Typical HBOT sessions last 90 minutes, and treatment time starts once the patient reaches the prescribed “depth” or ATA ordered by the provider. Standard “travel” time (how long it takes to reach the prescribed ATA and how long it takes to return to one ATA at the end of treatment) depends on the rate of compression and decompression. The rate is set by the hyperbaric technician to be a safe and tolerable level for the patient.

Hyperbaric treatment at outpatient facilities typically delivers 30 to 40 treatments daily Monday through Friday. However, some acute care settings can treat patients daily or even twice per day as their condition requires.

How it works

Wounds need oxygen and nutrients to heal. The increased pressure of oxygen during HBO treatment may increase and improve oxygen in the blood supply to damaged tissues. It reduces tissue edema, promotes angiogenesis, stimulates cells, and improves the immune system by strengthening white blood cells.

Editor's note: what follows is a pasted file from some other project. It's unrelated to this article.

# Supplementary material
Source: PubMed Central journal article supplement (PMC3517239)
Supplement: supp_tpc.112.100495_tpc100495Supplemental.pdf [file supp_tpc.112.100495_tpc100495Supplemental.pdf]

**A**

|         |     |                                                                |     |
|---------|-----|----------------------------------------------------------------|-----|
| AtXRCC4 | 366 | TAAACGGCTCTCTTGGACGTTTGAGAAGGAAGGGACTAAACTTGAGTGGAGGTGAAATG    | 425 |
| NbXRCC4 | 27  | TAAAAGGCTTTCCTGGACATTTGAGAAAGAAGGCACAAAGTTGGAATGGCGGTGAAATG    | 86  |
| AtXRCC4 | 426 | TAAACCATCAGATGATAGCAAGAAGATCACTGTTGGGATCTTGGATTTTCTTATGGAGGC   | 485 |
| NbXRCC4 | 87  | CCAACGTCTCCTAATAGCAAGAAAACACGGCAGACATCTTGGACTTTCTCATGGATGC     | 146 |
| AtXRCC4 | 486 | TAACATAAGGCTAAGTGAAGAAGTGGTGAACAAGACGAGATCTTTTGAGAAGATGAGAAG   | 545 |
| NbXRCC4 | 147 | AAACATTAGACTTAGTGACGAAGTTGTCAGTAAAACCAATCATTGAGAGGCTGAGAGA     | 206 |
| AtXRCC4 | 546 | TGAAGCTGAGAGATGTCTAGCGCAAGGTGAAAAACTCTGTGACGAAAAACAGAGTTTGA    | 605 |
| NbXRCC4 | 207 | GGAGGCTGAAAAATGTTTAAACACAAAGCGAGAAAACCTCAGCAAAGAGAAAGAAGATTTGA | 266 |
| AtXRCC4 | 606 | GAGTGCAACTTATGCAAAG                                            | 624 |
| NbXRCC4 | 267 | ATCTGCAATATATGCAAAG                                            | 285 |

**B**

According to the National Library of Medicine, a 40-patient study was performed using HBO therapy as an adjunctive treatment in complex wound care. After completion of a treatment series, 77.5% of patients’ wounds healed. Wound size reduction was noted after five treatments with the largest reduction in size occurring within the first 10 treatments.

6 challenges of using hyperbaric treatment

  1. HBOT can be costly. Depending on the patient’s insurance, prior authorization may be necessary. Proving medical necessity can be time consuming, and even after approval, the patient may still have significant copays.
  2. Some patients may find it difficult to tolerate the ear pressure during compression and decompression. The sensation is like being in an airplane or traveling up and down a mountain. The HBOT technician can assist most patients in techniques to clear their ears, but some patients may need to see an ear, nose, and throat (ENT) provider to prescribe appropriate medications or tube placement.